News & Politics

Does SlutWalk Speak to Women of Color?

SlutWalk protests have been critiqued for their focus on white women. One woman of color explains how she came around to the cause.

You could have colored me unsupportive of SlutWalk.

Even though I have jokingly called myself a slut (as in “I’m a handbag slut”), as an African American woman I was rather uncomfortable with the protest’s racial dynamics, at least how it was shaping up in the US and Canada. I felt the word “slut” didn’t speak to me; I found the word “ho” more damaging. Of course, I also thought this word broke down in the black/white binary. in my experience, if a black woman was in a mostly white or all-white setting, the word “slut” as a perjorative would be used. In mostly black or all-black settings, the words “ho” and “fass” (meaning sexually “fast”) would be flung to sexually shame us.

What didn’t help my ambivalence regarding SlutWalk was, when watching some white organizers and speakers talk about the problems of race in organizing the protests, it was the usual “well, ‘slut’ is universal,” or they'd point to the speaker roster or the people in the audience (though the photos show, again, white women). It came off as another word-reclamation project that seemed to recenter white cisgender women’s sexual agency and bodies. (Sort of the way “feminist issues” tends to reincarnate a little too often as “white (cis) women’s issues.”) And, increasingly in the discussions, there is a disturbing new attribute of the “relatable rape victim” as a woman who is “young and sexy” or at least “precocious and body-conscious.”

Simultaneously, I wasn’t feeling how SlutWalk became some litmus test around women of color and being down with the "WoC agenda" of addressing the meld of racism and sexism as linked with issues around class, gender identity and body images and capacities, reproductive rights, sexual identification and sexuality, immigration, the criminal/penal system, education, healthcare, and other issues. (Yes, I mean the WoC agenda facetiously because there’s really no such thing. Women of color aren’t a monolith, and as people are wont to do, will disagree on the best ways to achieve social justice.)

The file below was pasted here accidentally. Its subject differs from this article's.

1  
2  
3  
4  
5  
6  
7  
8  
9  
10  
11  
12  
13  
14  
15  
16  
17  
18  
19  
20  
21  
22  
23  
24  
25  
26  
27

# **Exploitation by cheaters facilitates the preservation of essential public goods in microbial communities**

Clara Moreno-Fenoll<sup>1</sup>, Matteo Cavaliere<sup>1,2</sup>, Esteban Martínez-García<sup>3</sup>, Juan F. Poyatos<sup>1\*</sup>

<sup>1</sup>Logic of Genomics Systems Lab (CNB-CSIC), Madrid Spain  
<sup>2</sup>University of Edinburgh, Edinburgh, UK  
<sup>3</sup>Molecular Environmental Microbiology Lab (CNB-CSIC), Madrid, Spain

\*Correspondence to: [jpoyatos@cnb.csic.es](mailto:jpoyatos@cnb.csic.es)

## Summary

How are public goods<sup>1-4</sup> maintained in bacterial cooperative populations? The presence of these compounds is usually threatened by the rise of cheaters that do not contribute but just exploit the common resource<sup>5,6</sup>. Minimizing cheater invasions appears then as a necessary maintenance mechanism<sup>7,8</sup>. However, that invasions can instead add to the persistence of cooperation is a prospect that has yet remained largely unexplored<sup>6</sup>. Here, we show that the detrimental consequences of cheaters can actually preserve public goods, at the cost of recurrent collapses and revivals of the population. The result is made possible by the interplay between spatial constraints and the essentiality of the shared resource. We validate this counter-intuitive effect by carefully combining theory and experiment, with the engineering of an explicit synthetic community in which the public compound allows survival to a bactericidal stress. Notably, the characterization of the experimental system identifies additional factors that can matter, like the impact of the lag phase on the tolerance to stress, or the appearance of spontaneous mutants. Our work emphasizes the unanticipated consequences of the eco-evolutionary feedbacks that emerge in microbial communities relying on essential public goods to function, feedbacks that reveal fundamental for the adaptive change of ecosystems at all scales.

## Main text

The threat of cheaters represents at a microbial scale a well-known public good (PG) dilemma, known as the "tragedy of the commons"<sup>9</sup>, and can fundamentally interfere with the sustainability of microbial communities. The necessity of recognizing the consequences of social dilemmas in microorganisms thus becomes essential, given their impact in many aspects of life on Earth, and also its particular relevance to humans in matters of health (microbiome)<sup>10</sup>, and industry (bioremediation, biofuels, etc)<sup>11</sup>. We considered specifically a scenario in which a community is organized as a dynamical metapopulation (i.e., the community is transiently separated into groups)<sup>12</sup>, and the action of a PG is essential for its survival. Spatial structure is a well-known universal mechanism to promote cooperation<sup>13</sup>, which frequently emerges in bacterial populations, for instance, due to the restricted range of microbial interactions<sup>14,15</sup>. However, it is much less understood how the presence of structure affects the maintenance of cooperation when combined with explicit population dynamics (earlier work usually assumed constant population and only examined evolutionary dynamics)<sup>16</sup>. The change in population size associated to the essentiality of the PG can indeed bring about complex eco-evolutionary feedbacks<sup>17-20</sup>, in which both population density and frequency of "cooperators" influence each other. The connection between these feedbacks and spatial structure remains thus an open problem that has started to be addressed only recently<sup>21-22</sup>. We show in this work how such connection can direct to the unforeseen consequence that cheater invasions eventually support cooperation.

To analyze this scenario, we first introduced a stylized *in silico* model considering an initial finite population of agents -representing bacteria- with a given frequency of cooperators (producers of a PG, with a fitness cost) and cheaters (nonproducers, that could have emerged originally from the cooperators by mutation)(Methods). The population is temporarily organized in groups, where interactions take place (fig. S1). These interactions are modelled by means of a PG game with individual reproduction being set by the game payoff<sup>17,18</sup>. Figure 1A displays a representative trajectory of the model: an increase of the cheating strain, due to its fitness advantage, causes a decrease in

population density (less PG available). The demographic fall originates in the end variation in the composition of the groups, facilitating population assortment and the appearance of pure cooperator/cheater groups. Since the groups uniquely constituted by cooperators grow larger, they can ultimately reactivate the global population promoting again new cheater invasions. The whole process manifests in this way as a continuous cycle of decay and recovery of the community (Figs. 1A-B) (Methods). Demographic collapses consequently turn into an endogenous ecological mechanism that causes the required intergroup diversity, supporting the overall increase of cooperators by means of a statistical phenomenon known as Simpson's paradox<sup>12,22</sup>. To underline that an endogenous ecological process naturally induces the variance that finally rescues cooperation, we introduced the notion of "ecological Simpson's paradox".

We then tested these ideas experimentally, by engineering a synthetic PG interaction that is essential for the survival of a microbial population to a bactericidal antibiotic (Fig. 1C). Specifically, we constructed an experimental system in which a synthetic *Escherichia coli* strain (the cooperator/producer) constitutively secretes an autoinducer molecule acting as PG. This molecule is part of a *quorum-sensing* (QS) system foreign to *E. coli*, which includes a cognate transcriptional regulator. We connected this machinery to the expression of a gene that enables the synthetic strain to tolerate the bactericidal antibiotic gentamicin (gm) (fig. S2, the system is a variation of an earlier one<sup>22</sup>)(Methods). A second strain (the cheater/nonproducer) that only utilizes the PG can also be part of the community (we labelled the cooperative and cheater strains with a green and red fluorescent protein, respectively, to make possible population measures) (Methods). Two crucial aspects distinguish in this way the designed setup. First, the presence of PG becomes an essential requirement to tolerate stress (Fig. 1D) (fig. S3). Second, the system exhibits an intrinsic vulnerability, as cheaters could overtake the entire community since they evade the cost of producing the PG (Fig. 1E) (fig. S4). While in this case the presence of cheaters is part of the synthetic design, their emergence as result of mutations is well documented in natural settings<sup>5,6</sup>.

Even when participants like Morgane Richardson, Harsha Walia and Creatrix Tiara have spoken their truths on why they joined the protests in their respective countries, quite a bit of rhetoric coming from some online WoC communities and bloggers is that “women of color” don’t see the use of the march because “it doesn’t speak” to “us” categorically.

But see, the thing is quite a few women of color are called sluts. Three recent examples of this, in consideration of what the word means:

1) Slut, meaning a “servant girl,” has her modern-day descendents in the women to do domestic work, be it in a home or in a hotel—like the woman who cleaned former IMF leader Dominique Strauss-Kahn’s room. She may or may not have been a young woman, may or may not have been body-conscious or thought herself as sexy. What I do believe she was conscious of was that doing her job didn’t involve this man allegedly sexually violating her. Strauss-Kahn probably thought the hotel worker he violated was powerless. He thought wrong, as his arrest and subsequent resignation has proven, thanks to the worker going to her union and people supporting her in getting her story in the media.